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Kōji Kondō

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"The arrangements of a number of different artists have made the songs stand out more, and I myself have learned a lot about music from the arrangements."
— Kōji Kondō

Kōji Kondō (近藤 浩治 Kondō Kōji?, born August 13, 1960) is a Japanese composer and musician best known for his scores for various Nintendo video games.

Biography

Kōji Kondō was born in Nagoya, Japan. In the 1980s, Kondō learned that Nintendo was seeking musicians to compose music for its new video game system, the Nintendo Entertainment System. Kondō had never considered writing video game music before, but he decided to give the company a chance. He was hired in 1983.

Kondō found himself in a totally different environment at Nintendo. Suddenly, he was limited to only four "instruments", two monophonic pulse channels, a monophonic triangle wave channel that could be used as a bass, and a noise channel used for percussion, due to limitations of the system's sound chip. Though he and Nintendo's technicians eventually discovered a way to add a fifth channel, normally reserved for sound effects, his music was still severely limited on the system.

Kondō has stayed with Nintendo through various consoles, including the Super Nintendo Entertainment System, the Nintendo 64, the Nintendo GameCube, the Nintendo DS, and most recently the Wii. These latter systems have vastly improved Nintendo's audio capabilities, and Kondō today composes music with CD quality sound.

Kōji Kondō attended the world-premiere of Play! A Video Game Symphony at the Rosemont Theatre in Rosemont, Illinois, in May of 2006. His music from the Super Mario Bros. and the Legend of Zelda series was performed by a full symphony orchestra. This event drew nearly four thousand attendees.

Musical style and influences

Kōji Kondō is widely acclaimed due to his unique and recognizable themes and soundtracks with Nintendo along with a creatively fluent partnership with Shigeru Miyamoto. Fans and critics alike cite his greatest talent being his ability to craft melodies that while catchy and pleasant upon first listen, remain enjoyable even when looped over long periods of time and played through inferior sound equipment. His songs are certainly memorable; the title theme song to Super Mario Bros. retains its iconic status two decades after its initial release. Not unknown in the musical community, Kondō can count talent such as Paul McCartney among his admirers. Kondō's music has been cited as being as integral to the Nintendo style as the game design of Shigeru Miyamoto.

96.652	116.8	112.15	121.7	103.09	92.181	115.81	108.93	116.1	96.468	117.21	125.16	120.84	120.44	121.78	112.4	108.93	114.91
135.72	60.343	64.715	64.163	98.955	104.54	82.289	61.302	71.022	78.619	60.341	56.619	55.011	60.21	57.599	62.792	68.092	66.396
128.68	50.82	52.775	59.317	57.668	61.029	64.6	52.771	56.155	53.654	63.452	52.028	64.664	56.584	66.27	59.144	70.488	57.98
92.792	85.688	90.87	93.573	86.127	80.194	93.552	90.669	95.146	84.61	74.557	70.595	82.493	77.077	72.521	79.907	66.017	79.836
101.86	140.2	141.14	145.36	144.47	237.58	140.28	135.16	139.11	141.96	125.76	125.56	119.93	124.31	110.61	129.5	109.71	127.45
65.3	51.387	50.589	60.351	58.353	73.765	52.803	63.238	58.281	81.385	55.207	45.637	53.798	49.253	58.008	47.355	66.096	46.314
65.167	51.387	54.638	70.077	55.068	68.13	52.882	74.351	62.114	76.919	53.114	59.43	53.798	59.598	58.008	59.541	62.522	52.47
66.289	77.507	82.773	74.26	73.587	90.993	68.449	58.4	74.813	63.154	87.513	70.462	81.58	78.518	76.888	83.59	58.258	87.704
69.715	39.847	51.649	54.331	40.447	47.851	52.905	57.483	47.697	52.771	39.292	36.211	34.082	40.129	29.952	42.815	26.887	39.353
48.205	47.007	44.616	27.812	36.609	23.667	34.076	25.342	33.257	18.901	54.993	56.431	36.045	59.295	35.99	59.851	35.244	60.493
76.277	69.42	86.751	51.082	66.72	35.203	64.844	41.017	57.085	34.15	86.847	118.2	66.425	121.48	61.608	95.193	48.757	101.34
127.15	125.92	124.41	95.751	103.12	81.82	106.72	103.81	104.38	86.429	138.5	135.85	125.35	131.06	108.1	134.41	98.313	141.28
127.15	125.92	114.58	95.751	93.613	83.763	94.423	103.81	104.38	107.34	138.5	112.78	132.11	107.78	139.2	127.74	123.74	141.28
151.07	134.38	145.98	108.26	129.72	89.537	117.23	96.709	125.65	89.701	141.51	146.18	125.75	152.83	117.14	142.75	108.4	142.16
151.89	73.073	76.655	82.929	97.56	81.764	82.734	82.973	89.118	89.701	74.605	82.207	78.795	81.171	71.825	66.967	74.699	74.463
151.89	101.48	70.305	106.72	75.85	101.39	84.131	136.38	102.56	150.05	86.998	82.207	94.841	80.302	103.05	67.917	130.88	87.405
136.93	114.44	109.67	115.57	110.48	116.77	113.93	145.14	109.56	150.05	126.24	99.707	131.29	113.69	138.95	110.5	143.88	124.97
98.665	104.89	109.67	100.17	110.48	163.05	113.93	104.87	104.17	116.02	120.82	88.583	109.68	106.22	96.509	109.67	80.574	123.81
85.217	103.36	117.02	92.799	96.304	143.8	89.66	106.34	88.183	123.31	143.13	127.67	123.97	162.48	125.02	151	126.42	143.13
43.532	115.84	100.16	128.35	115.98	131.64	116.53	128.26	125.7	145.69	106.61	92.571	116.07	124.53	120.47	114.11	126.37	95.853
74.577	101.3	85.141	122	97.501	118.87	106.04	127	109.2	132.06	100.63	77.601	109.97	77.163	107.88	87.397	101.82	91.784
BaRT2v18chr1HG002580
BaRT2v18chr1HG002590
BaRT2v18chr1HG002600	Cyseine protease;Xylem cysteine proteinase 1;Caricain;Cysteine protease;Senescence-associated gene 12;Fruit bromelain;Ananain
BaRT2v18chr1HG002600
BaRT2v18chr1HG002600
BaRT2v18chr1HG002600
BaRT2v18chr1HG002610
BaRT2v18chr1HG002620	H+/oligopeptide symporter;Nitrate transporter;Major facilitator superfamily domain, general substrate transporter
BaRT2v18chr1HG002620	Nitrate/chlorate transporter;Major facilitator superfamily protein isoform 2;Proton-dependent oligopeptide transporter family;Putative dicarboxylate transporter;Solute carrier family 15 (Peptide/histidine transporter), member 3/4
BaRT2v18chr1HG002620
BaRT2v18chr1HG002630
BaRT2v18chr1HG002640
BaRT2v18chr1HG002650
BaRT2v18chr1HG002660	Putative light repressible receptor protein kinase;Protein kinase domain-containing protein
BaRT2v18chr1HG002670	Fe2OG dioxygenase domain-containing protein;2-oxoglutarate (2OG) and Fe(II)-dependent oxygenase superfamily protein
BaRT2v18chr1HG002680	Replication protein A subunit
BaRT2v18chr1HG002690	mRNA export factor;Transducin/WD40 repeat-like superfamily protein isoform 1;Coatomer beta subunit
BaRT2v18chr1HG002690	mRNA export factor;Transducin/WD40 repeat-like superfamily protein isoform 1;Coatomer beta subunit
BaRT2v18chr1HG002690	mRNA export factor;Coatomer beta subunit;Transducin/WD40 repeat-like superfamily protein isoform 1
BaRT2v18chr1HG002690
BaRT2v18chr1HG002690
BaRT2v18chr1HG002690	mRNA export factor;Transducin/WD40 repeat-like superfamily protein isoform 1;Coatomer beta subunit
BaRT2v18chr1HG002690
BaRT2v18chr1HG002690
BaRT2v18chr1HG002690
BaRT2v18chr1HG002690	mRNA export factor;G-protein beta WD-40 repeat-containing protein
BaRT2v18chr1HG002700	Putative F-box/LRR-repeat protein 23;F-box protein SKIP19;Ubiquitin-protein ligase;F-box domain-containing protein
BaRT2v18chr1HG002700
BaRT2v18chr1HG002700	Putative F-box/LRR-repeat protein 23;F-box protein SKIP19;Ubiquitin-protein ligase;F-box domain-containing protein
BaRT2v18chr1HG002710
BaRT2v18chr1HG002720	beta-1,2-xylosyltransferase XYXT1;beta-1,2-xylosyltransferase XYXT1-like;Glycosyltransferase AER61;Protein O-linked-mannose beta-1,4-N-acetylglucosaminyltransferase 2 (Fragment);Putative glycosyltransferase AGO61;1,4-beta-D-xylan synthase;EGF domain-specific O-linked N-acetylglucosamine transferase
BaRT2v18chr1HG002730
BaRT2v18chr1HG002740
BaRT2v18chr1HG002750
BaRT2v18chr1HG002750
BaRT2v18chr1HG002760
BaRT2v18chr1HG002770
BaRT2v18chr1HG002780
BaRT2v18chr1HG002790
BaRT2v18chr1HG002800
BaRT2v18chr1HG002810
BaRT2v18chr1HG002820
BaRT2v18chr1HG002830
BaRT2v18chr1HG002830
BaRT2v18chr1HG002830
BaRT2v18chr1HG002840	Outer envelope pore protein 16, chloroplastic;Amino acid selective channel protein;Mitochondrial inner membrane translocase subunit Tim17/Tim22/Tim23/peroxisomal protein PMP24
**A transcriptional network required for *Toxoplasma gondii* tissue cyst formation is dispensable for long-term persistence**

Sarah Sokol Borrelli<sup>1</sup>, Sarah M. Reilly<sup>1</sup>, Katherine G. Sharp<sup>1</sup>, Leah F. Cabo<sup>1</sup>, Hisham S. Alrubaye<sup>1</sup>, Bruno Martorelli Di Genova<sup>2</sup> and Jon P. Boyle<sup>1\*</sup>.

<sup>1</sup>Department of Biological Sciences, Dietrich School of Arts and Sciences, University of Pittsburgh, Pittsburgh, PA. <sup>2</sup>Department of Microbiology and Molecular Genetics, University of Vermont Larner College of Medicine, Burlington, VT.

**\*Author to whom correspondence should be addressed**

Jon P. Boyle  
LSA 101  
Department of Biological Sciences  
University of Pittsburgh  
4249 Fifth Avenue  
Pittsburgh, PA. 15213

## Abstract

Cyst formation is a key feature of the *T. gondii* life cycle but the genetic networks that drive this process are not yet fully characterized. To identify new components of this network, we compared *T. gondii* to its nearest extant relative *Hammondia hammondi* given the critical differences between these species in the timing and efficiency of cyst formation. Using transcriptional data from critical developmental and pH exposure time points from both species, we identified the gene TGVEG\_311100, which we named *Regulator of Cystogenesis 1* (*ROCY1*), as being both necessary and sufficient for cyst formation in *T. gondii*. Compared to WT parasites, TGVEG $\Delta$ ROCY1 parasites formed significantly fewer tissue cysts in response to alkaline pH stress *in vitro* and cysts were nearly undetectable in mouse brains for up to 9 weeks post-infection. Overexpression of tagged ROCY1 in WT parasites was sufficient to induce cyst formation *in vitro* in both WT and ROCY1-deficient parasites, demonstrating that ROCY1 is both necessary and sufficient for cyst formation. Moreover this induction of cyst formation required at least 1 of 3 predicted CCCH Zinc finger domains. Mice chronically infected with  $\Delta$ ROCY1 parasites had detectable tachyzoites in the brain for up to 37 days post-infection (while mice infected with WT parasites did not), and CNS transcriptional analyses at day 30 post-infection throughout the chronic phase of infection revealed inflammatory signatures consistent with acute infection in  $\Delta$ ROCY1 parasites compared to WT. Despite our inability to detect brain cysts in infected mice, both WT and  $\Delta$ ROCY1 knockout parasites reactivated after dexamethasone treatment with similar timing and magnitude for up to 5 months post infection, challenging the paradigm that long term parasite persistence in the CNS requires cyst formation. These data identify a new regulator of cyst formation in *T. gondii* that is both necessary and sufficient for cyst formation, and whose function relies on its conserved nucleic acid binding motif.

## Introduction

Conversely, this familiarity is also the cause of most criticism of Kondō's work. Over nearly two decades in video game music, his style has changed very little. The themes of Super Mario Bros. in 1985 are little different from those of Super Mario Sunshine in 2002, although the earlier game sounds more primitive due to technological constraints. This need for sameness over the years is something of a double-edged sword for Kondō; when he did try something different, as in The Legend of Zelda: Ocarina of Time (1998), some criticized him for abandoning the themes and styles they have grown to enjoy.

Kōji Kondō's work shows at least three major influences: Latin music; jazz music; and classical music, mainly ragtime and march music, often with a strong cinematic flair. Latin is particularly evident in his bouncy themes throughout the Super Mario Bros. series. The happy main theme has a slow, samba-like rhythm. The second theme offers a more up-beat, ragtime-like style. The Bowser theme would not sound out of place being played by a Mexican mariachi band. This influence also shows up in his more recent works, such as the Gerudo Valley theme from Ocarina of Time, a song with a certain stereotypical Andalusian flair. Kondō also has been influenced by classic rock, as the Deep Purple instrumental "April" bears a striking resemblance to the main title theme of The Legend of Zelda. Kondō even uses a riff from the song as the looping end section of the underworld/dungeon theme from the same game.

Kondō's more jazz-influenced pieces also come from a wide variety of projects. One of the earliest examples of this is his minimalist underground theme from the first Super Mario Bros. "Saria's Song" from Ocarina of Time sounds almost Dixieland in places. All of this is hardly surprising; Kondō lists the late Henry Mancini as one of his most admired influences.

Kondō's work is also highly influenced by Eastern Asian music. His songs are predominantly melody-based with little supporting harmony, which is in keeping with the Asian tradition. This makes him unique among the most popular video game composers, as his counterparts such as Nobuo Uematsu and Koichi Sugiyama produce more Western-sounding compositions for their games.

Legend of Zelda compositions

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